Like I really need an excuse to buy a new record, CD, or Blu-ray Disc….
Well, actually, I do, especially when I already have a “perfectly good” copy or three in my collection of a particular recording. But… one of the key reasons I became a record collector in the first place was simply my quest for the best sounding available recordings. What I’ve known for 30+ years — something that some are only starting to grok now “en masse” (ie. The Beatle’s Mono Box from 2010) — is that the original mono mixes of older recordings often times sound significantly better and different — especially from that transient period when stereo was just really starting to take hold in the marketplace, approximately 1964 – 1968.
The main reason for this is simple: recording technology at that time was still mostly done on four tracks (or less), thus requiring creative recording techniques when it came down to capturing the essence of a group. Or simply the engineers really didn’t know the best ways to mix in stereo yet (remember: the Beatles were not even present for the stereo mix of Sgt. Pepper, which was relegated to a then assistant engineer). Rock and Roll records tend to suffer most from these weak stereo mixes because of the practice of mixing down three-tracks (or recording live three channels) of rhythm section down to one track, thus freeing up the other three tracks for vocals and guitar overdubs. And when it came down to mixing these recordings to stereo, frequently you ended getting the drums, bass, and rhythm guitar coming out of one speaker, and the remainder coming out of the other.
Variants ensue. Such as the case of The Jefferson Airplane’s third release After Bathing at Baxter’s, where the drum kit is in mostly the left channel and Jack Cassidy’s ripping bass is in the right . The effect is like putting these backbone elements of any good rock record in separate rooms — you can hear them but you lose the combined effect of the two rocking together in close knit fashion. One can see why they wanted to experiment on this album — Baxter’s is a trippy record with some great psychedelic rock moments happening. But at the end of the day, the mono mix still rules. It was just not easy to find on a good condition original RCA pressing, so my stereo copy sufficed. Especially for this 1967 release, which was released at the turning point when labels started making more stereo copies available than mono.
Thus, I was pleased to find the excuse to buy the Sundazed Records’ Mono reissue of After Bathing at Baxter’s — a limited edition run of 300 lovely red copies on nice thick quiet audiophile vinyl. So until I find that original pressing, this new Sundazed release is rocking my turntable just fine.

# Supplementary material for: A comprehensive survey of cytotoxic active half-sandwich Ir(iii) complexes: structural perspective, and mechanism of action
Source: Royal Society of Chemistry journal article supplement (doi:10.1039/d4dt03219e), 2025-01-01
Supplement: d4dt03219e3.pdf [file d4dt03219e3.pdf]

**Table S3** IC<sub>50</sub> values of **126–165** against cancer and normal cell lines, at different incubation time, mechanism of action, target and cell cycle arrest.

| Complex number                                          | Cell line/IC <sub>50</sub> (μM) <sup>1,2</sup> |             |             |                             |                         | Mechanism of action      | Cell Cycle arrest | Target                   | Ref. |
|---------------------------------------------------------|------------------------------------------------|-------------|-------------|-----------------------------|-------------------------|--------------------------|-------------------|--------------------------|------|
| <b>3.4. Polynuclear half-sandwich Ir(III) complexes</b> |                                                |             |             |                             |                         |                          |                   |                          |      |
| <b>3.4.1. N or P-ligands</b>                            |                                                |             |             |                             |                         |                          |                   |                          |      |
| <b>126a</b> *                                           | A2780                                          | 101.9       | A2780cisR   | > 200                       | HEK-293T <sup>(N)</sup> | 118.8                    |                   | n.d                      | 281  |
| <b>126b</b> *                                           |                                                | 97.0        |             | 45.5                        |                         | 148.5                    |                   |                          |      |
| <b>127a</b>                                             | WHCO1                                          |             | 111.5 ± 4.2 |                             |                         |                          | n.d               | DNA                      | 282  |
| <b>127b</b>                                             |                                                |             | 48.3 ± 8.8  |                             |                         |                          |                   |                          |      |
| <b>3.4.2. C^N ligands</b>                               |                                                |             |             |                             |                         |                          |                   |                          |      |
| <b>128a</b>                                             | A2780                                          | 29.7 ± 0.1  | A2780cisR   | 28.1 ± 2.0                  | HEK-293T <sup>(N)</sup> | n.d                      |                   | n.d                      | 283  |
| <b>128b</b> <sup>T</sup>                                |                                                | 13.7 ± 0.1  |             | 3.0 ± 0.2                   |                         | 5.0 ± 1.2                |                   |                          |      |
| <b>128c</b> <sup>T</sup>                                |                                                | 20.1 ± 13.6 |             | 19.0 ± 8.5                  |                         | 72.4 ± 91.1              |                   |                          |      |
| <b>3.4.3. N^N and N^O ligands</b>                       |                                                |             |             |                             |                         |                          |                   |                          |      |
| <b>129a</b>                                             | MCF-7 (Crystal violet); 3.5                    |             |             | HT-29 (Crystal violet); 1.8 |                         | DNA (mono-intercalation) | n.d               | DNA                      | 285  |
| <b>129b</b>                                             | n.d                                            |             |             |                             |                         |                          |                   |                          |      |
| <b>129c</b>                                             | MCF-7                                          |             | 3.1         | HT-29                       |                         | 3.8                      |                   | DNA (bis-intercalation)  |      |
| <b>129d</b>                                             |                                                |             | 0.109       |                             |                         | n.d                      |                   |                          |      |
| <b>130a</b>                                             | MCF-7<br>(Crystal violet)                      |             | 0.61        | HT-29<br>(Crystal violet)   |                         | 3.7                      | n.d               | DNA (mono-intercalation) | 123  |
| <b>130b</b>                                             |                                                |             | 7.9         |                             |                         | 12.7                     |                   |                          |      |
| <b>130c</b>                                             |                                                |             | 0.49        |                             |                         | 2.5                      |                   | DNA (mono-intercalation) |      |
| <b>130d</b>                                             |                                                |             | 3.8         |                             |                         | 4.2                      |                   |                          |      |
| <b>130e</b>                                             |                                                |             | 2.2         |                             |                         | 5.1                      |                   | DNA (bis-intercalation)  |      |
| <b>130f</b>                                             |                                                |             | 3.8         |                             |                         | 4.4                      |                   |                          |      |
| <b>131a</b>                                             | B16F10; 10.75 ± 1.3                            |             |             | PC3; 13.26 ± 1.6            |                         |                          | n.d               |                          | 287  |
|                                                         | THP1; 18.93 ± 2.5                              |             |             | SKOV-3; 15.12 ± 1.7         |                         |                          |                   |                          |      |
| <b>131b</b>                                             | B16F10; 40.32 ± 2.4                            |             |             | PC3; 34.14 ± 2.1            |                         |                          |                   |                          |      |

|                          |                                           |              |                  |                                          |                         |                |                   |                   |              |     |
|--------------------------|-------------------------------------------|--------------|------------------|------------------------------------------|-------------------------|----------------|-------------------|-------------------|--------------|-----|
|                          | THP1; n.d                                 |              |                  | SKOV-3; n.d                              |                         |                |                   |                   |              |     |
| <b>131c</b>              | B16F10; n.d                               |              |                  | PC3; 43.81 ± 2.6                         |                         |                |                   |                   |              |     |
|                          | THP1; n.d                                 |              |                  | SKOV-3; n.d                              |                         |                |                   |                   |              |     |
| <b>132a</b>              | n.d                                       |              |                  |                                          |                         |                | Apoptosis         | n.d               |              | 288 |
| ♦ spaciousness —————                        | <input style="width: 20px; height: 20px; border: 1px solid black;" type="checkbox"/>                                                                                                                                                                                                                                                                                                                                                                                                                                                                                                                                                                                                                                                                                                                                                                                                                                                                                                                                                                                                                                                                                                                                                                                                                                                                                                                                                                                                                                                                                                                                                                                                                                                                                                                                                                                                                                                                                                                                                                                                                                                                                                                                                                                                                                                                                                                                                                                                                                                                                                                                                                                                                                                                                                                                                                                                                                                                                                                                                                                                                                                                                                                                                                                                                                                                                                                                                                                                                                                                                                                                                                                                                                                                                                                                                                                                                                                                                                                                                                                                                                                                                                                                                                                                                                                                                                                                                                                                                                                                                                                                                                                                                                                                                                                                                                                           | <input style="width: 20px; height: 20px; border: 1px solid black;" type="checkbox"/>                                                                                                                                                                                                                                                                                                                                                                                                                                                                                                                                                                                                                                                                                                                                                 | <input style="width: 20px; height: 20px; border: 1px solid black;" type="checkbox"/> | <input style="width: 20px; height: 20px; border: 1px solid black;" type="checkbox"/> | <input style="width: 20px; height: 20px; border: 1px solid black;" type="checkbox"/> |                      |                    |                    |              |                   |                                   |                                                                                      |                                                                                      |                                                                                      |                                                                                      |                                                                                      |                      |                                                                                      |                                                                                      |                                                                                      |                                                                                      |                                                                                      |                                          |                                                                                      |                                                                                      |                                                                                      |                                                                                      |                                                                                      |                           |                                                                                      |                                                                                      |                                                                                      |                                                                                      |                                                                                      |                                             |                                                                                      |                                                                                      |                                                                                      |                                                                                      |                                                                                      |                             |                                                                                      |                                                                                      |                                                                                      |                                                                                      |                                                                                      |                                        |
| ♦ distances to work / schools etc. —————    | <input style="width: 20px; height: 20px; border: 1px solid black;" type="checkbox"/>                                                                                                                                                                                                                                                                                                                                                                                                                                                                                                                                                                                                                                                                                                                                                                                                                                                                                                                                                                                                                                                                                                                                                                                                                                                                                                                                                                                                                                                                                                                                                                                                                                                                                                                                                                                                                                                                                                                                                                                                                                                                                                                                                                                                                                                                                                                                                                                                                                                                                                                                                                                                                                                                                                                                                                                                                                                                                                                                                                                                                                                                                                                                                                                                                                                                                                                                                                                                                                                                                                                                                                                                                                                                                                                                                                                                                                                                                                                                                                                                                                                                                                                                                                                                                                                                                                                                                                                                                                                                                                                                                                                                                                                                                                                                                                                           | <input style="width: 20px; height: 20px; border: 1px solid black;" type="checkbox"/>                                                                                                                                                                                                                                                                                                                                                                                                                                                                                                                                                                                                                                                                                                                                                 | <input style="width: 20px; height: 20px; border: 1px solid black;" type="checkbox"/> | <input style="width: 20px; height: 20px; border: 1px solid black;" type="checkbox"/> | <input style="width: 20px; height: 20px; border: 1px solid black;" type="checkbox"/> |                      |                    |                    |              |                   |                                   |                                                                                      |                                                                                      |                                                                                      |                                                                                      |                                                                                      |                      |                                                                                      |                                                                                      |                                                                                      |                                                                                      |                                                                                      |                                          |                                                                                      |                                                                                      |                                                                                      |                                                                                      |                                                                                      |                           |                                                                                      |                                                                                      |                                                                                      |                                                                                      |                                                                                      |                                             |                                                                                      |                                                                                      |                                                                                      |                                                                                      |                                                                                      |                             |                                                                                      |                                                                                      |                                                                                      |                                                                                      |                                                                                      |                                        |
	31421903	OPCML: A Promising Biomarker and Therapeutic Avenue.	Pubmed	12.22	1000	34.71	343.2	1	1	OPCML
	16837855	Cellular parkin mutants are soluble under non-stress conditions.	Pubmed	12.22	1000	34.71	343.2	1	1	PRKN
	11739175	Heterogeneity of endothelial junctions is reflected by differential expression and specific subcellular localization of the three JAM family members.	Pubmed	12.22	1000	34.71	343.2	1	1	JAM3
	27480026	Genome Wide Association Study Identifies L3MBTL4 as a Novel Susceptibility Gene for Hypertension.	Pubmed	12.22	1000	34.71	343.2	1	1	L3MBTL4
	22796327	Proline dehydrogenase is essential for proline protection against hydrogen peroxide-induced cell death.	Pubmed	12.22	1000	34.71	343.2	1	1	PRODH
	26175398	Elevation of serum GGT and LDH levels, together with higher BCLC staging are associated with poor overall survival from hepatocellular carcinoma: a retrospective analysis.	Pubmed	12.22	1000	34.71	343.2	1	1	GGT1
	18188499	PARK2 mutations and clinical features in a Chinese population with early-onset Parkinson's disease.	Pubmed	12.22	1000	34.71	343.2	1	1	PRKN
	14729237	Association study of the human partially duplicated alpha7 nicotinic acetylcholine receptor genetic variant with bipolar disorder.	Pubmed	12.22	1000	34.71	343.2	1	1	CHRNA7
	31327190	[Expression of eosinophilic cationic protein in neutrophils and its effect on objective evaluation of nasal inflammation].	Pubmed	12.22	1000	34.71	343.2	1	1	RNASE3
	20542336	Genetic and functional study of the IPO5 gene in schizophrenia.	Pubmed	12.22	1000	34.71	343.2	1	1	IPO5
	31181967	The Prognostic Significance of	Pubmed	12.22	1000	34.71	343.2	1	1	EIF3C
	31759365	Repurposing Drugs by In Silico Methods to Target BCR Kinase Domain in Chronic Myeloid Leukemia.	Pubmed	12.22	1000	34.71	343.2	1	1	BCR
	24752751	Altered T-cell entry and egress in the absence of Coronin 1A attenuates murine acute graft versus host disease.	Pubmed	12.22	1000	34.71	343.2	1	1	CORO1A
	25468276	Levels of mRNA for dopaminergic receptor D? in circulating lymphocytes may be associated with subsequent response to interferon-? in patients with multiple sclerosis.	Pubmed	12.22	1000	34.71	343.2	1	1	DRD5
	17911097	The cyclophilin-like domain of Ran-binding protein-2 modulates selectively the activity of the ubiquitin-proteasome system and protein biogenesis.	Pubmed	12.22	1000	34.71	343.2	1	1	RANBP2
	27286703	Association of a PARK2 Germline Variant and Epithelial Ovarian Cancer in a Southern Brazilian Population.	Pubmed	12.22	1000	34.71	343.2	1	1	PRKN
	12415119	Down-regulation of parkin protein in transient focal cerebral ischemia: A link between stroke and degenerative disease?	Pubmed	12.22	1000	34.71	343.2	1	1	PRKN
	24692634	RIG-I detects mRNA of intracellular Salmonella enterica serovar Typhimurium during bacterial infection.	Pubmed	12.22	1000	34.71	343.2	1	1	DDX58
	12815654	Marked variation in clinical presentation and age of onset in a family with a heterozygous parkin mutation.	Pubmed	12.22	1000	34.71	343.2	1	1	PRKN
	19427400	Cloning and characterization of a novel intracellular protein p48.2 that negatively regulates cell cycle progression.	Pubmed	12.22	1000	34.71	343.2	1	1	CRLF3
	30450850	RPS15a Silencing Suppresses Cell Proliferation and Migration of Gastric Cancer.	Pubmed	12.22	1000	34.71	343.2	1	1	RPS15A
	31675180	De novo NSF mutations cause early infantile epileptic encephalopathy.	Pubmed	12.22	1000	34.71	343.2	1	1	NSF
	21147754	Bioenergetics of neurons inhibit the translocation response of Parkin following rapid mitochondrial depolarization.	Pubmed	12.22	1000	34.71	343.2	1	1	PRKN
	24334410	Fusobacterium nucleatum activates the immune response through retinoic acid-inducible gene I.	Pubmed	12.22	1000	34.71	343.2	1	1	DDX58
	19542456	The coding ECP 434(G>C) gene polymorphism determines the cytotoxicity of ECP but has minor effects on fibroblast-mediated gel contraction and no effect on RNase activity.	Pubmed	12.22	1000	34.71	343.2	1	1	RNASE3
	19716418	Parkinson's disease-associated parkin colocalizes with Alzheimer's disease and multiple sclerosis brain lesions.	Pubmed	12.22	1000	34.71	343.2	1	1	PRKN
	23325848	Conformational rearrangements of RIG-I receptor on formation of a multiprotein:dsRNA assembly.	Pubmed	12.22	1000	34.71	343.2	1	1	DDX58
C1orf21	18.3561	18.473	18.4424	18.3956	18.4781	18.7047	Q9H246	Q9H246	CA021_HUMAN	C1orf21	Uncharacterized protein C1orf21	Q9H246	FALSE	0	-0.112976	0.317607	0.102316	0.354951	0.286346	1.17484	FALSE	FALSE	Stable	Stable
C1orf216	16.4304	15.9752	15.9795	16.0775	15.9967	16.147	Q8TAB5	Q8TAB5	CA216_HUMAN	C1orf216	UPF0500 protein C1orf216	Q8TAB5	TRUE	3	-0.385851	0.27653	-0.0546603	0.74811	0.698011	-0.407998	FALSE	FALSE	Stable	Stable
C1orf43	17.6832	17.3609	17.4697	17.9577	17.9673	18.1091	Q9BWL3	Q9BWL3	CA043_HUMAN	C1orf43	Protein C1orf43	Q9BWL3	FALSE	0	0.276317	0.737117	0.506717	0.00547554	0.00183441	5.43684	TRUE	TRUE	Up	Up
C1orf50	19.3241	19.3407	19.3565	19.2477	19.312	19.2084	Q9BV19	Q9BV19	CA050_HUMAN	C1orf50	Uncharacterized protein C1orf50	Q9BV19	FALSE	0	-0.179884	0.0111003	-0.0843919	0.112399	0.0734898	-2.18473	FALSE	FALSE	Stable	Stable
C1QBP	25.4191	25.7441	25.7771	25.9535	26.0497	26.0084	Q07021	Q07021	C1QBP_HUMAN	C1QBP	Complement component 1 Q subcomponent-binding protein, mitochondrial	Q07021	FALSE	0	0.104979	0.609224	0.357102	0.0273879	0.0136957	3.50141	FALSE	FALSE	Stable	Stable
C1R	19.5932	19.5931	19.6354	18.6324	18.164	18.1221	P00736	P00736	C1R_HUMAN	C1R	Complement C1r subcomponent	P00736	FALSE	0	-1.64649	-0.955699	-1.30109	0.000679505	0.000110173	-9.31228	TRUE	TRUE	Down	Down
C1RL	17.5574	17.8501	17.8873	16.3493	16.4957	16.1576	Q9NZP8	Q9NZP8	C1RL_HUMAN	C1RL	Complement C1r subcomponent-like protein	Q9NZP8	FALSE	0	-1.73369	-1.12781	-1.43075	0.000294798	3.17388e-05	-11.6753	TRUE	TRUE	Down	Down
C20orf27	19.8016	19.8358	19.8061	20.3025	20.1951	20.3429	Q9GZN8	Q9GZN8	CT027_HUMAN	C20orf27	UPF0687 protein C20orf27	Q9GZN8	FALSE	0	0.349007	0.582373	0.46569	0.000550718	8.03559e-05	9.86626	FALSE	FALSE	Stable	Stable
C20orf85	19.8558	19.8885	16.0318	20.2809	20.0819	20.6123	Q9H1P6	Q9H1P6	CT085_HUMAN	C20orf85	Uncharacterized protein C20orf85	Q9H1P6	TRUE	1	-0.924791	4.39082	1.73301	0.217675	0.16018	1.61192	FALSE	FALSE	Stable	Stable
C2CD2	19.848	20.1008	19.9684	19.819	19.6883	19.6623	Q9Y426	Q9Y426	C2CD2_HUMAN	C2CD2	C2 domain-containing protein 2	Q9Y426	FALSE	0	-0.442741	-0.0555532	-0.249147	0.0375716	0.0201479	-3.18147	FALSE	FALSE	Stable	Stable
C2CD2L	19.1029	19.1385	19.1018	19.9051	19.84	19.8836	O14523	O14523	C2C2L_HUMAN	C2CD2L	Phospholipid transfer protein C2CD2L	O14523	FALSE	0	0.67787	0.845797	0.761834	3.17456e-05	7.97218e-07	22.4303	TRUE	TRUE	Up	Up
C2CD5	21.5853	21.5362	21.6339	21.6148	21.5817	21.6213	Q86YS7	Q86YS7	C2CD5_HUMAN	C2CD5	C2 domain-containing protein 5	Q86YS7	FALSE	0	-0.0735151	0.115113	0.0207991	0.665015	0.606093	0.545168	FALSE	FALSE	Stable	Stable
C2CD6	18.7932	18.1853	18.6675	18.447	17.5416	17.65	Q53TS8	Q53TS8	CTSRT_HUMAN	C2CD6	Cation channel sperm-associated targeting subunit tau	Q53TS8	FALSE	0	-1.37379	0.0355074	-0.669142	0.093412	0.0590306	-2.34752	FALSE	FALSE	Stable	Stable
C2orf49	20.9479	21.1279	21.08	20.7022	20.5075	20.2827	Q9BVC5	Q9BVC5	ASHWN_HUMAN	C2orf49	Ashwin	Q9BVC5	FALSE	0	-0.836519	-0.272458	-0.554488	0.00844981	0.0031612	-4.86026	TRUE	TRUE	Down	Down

The superiority of the mono mix is immediately noticeable in the first 30 seconds of the opening track, “The Ballad of You and Me and Pooneil,” where you can really hear Jack’s bass in lock step with Spencer Dryden’s drums. “Wild Tyme,” “Watch Her Ride,” and the classic “Won’t You Try/Saturday Afternoon” sound so much better in this mix, allowing you to really hear the glorious close harmonies of Grace Slick, Paul Kantner, and Marty Balin as one. Guitarist Jorma Kaukonen’s soaring feedback leads feel amazing against Kantner’s chiming 12-string Rickenbacker rhythms. Yes, feedback is something you should be able to feel — and you can in this mix. In all likelihood this is the mix you heard on radio back in the day (radio was still mostly broadcasting in mono and stations were typically serviced with promo copies).
Possibly the only edge the original pressing has over this is the high end is a little brighter — cymbals sound a bit shinier in particular. I’m not sure if this has to do with the mix itself or simply the master tape losing some of its high end with age. Nonetheless, if you like the Airplane and want to really hear how they could … er… take off (sorry, couldn’t resist the pun), this mono mix rocks and rocks hard with punch, richness, and better balance than the stereo counterpart. You get the original gatefold artwork and if you get the red vinyl version, its cool to look at on your turntable too! Win!
They still have some red copies so get ’em while you can!
Listen to how they sounded live without at net at Woodstock
Imagine how good this would sound if the drums and bass were front and center in your head… on the mono mix they can be!